Serves 4

*Cabbage is traditionally often put in this soup; I often do not put it in as my mother did not.
**Sour cream is a very traditional finishing touch and it can now be soy based.
Also, I do not put potatoes in but if you want to make this borscht more filling then use potatoes.

Benefits of Borscht:

More Healthy Soups
Kabocha Squash Soup: My favorite soup! Squash and ginger – yum!
Lentil Soup: The lentil was named one of the World’s Healthiest Foods by Health magazine. Read why here: Lentils

All the recipes at Real Food For Life are exceptionally balanced and healthy for all situations. I also teach people how to plan and prepare healthy meals online.

Get healthy recipes and tips sent to your mailbox once a week with more information about these foods, subscribe to the newsletter.

By | 2017-10-29T15:41:52+00:00 December 5th, 2011|Recipes, Soup|16 Comments

About the Author:

I am the Founder and Author at Real Food For Life. Have been teaching cooking classes worldwide since 1982. Create original, healthy recipes and menus, which are gluten free and white sugar free. Also, the author of the GREEN means LEAN and Balance Your Body e-books. I turned a debilitating health crisis into a passion for helping others with healthy, sugar free, gluten free eating and cooking.

16 Comments

  1. barbara December 8, 2011 at 1:56 pm

    Yes , Borschtsch, is a stable in my kitchen.My motherwas part Polish and used and I still do different ingredients.Borchtsch is also widly used in Russia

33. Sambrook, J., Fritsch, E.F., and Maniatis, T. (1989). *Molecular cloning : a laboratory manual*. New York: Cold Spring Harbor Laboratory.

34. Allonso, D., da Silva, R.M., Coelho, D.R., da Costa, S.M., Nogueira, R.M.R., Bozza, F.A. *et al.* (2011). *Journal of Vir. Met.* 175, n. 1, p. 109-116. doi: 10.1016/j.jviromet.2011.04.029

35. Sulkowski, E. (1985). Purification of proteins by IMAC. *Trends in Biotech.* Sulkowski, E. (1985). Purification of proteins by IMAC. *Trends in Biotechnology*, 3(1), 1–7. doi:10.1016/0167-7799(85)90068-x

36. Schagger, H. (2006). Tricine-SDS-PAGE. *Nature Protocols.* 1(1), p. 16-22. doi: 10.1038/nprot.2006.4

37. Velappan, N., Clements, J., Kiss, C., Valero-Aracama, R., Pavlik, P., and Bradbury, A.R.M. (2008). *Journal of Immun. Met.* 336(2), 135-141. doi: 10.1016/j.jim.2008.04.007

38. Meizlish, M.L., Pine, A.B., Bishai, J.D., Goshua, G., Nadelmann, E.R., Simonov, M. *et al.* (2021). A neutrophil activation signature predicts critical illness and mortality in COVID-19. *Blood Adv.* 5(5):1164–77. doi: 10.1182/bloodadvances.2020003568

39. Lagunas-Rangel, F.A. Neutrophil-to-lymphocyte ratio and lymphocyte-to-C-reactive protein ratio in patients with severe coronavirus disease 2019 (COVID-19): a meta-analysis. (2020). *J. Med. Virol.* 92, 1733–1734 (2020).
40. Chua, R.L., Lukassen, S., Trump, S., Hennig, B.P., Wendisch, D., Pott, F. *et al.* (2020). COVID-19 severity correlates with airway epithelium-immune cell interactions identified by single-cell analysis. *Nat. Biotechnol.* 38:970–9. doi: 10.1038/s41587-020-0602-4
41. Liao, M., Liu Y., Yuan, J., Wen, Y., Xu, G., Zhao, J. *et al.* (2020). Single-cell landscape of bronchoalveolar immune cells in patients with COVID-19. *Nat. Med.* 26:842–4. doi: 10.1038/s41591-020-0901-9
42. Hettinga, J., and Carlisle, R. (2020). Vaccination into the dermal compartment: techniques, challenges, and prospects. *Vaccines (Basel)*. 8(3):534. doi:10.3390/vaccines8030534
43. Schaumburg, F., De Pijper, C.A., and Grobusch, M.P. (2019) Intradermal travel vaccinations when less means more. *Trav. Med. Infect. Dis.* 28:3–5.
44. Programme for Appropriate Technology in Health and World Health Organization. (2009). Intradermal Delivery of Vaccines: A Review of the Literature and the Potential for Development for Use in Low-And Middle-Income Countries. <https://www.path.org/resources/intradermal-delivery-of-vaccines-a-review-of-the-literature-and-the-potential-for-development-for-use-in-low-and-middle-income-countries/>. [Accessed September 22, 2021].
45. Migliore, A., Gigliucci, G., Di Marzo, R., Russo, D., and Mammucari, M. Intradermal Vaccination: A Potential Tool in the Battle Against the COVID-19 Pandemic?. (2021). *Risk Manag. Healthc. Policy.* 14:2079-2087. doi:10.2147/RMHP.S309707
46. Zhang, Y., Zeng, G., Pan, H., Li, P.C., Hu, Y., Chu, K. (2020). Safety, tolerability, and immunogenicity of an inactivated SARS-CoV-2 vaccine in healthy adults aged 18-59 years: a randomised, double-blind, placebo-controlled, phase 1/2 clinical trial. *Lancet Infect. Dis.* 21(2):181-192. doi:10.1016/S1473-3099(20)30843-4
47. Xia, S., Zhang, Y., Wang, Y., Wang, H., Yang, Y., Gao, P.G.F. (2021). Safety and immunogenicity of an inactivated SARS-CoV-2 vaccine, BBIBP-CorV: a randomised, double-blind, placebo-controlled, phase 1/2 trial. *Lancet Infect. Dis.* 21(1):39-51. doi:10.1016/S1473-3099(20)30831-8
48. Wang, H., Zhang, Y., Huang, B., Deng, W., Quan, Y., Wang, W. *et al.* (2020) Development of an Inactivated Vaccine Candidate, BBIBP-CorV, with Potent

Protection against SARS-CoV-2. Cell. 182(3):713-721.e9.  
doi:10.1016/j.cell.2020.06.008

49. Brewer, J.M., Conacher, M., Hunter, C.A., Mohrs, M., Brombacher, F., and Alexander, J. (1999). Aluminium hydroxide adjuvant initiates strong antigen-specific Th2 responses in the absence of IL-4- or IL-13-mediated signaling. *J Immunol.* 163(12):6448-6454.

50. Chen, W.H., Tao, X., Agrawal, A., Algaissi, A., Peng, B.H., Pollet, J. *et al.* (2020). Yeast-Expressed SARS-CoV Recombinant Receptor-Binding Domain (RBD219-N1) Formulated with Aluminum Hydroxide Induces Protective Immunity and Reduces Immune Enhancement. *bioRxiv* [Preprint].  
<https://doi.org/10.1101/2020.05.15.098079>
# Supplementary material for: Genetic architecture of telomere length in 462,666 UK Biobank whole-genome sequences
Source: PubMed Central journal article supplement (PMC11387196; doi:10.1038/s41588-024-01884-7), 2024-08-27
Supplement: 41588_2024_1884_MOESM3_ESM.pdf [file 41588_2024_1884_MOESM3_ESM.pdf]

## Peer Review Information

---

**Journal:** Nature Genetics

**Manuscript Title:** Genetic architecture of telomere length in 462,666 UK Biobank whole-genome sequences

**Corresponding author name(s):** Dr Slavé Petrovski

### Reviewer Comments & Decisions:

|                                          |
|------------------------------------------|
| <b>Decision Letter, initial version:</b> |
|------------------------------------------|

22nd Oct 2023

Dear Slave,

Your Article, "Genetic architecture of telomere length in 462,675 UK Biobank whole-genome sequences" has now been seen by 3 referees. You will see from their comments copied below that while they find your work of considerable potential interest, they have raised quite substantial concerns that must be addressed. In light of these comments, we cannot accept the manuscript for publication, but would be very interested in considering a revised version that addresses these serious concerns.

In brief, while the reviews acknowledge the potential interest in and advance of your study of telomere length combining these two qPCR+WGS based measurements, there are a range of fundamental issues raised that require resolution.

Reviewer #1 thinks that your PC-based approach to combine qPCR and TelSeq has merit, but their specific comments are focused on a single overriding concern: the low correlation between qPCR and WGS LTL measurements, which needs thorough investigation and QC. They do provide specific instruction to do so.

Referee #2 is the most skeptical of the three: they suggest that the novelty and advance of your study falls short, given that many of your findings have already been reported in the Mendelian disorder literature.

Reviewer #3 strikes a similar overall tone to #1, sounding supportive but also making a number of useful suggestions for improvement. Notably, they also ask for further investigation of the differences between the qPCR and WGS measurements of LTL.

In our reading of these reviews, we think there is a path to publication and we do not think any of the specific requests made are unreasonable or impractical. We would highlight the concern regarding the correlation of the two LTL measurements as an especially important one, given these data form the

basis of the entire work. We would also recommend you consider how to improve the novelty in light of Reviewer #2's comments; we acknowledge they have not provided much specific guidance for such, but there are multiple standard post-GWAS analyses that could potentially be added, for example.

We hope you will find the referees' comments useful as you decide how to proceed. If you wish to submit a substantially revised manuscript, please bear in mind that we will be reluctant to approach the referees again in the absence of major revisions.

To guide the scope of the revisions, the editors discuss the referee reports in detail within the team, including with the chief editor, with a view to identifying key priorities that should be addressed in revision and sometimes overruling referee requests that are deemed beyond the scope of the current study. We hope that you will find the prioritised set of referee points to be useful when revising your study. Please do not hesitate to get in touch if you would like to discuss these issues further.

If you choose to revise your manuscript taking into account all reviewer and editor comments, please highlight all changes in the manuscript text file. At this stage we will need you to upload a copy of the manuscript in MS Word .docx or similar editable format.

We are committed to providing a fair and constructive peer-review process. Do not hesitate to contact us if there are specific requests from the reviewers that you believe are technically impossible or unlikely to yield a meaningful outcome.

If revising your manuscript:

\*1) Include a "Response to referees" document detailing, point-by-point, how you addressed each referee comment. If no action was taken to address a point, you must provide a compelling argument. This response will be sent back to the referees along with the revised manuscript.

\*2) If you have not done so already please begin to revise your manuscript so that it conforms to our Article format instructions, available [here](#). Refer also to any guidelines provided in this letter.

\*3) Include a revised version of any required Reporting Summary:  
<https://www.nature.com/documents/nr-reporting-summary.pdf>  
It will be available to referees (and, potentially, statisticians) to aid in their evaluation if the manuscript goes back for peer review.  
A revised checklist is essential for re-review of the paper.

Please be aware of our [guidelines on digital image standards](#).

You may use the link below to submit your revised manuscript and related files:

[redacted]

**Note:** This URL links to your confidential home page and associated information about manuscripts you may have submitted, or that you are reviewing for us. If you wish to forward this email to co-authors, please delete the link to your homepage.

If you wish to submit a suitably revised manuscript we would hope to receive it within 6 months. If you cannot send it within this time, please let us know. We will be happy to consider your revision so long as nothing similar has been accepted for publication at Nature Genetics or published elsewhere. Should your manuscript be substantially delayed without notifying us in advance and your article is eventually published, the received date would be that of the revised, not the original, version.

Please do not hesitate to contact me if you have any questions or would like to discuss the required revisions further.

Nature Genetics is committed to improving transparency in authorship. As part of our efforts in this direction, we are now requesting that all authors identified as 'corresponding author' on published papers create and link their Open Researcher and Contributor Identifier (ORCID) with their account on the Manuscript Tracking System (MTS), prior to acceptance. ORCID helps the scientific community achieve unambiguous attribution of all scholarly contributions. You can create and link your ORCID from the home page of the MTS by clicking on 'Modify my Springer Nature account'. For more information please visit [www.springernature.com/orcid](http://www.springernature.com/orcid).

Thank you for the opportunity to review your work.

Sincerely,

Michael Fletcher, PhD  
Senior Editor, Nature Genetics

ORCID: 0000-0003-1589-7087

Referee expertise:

We use- well if you don’t eat meat ,omit it, 1 pound Beef meat,cut up in cubes
    1 Cup white Beans,soaked the Night before.Rinse Beans off add Beef, 4 Tomatoes(not canned ones) about 1 Liter(4cups) of Water,Salt,fresh grind Pepper,2 whole diced up Onions,fresh Garlic if you prefer,bring to a boil,lower Temperature and cook for about an 1 Hour.Meanwhile cut 4 Potatoes,2 Carrots ,2 red Beets .
    Add Vegetable and 1 Cup of fresh Sauerkraut to the Meat and Beans(after 1 Hr) cook for another Hour.Use Pepper,Salt,Nutmeg,a little bit Cinamon,fresh Parsley, to taste.
    Cool off and serve, keeps fresh for up to 2 weeks.Borchtsch taste better after a few days.

  2. pierre trudel December 8, 2011 at 2:00 pm

    Randy & Diana thanks again for the inspiration.
    eating the right foods often means having the imagination and know how to change the routine.
    You guys are masters.
    Pierrette & I and our whole Thee Quest team are always anxious to see what you are going to come up with next.
    We know you really believe in health.
    Thanks for everything,
    Pierre & Pierrette Trudel
    Founders of Thee Quest

  3. annie December 8, 2011 at 7:34 pm

    such a beautiful recipe.

    i LOVE borscht — unfortunately beets don’t like me. but i do have fond memories of eating borscht at this wonderful russian restaurant we used to go to in berkeley, ca.

    thanks for the memories.

  4. Mary Samarine January 19, 2012 at 11:16 am

    Fine – good – but try to respect the recipe! There has never been and can never be squash, zucchini or (horror!) corn in Bortstch! It is a great soup, but please, a little respect!